The Chinese fire lance from the 10th century was the direct predecessor to the modern concept of the firearm. It was not a gun itself, but an addition to the soldiers' spears. Originally it consisted of paper or bamboo barrels that would have incendiary gunpowder within it, that could be lit one time and would project flames at the enemy. Sometimes the Chinese troops would place small projectiles within the barrel that would also be projected when the gunpowder was lit, but most of the explosive force would create flames. Later, the barrel was changed to be made of metal, so that a more explosive gunpowder could be used and put more force into the propulsion of the projectile.[15]:&#;31–32&#;

Hand cannons[edit]

Main article: Hand cannon

Hand cannonbeing fired from a stand, "Belli Fortis", manuscript, by Konrad Kyeser,

The original predecessor of all firearms, the Chinese fire lance[when?] and hand cannon were loaded with gunpowder and the shot (initially lead shot, later replaced by cast iron[citation needed]) through the muzzle, while a fuse was placed at the rear. This fuse was lit, causing the gunpowder to ignite and propel the cannonball. In military use, the standard hand cannon was tremendously powerful, while also being somewhat useless[citation needed] due to relative inability of the gunner to aim the weapon, or control the ballistic properties of the projectile. Recoil could be absorbed by bracing the barrel against the ground using a wooden support, the forerunner of the stock. Neither the quality or amount of gunpowder, nor the consistency in projectile dimensions were controlled, with resulting inaccuracy in firing due to windage, variance in gunpowder composition, and the difference in diameter between the bore and the shot. The hand cannons were replaced by lighter carriage-mounted artillery pieces, and ultimately the arquebus.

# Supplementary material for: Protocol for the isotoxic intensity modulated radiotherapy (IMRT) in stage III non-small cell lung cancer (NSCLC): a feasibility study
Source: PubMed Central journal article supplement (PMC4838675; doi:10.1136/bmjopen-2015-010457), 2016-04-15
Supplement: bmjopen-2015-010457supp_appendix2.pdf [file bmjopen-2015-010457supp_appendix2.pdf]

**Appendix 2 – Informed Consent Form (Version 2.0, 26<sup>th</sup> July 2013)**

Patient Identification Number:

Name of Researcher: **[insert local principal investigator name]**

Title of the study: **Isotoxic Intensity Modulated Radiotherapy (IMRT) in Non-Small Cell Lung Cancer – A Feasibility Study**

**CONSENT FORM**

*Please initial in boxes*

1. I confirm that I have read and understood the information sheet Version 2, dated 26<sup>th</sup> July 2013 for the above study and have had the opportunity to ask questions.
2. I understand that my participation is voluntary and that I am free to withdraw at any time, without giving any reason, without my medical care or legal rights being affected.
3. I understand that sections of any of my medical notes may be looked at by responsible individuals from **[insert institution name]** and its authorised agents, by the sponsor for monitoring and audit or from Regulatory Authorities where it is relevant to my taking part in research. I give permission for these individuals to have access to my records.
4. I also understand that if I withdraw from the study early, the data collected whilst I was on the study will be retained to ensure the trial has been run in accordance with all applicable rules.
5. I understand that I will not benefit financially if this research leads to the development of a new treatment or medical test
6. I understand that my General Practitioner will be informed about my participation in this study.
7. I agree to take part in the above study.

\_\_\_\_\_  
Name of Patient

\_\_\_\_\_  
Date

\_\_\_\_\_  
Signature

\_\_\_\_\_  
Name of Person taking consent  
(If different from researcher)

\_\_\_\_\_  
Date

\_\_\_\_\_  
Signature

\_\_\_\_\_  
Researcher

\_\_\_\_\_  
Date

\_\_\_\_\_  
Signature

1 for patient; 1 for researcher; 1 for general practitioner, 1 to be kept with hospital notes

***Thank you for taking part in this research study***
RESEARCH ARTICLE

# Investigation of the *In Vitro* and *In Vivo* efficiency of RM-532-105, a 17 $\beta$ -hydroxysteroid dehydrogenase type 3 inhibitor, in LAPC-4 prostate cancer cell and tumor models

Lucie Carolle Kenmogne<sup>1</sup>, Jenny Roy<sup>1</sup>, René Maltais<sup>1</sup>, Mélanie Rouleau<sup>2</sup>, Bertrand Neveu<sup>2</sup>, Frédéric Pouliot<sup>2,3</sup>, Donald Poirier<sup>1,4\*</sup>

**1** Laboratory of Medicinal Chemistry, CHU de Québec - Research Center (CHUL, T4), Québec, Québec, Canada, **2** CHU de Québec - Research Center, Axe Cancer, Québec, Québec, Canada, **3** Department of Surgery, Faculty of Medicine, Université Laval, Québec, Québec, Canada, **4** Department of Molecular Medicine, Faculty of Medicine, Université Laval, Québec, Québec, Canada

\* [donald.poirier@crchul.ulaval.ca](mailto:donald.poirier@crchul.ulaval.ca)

In the s gunpowder was used to propel missiles from hand-held tubes during the Hussite revolt.[31]

Muskets[edit]

Main article: Musket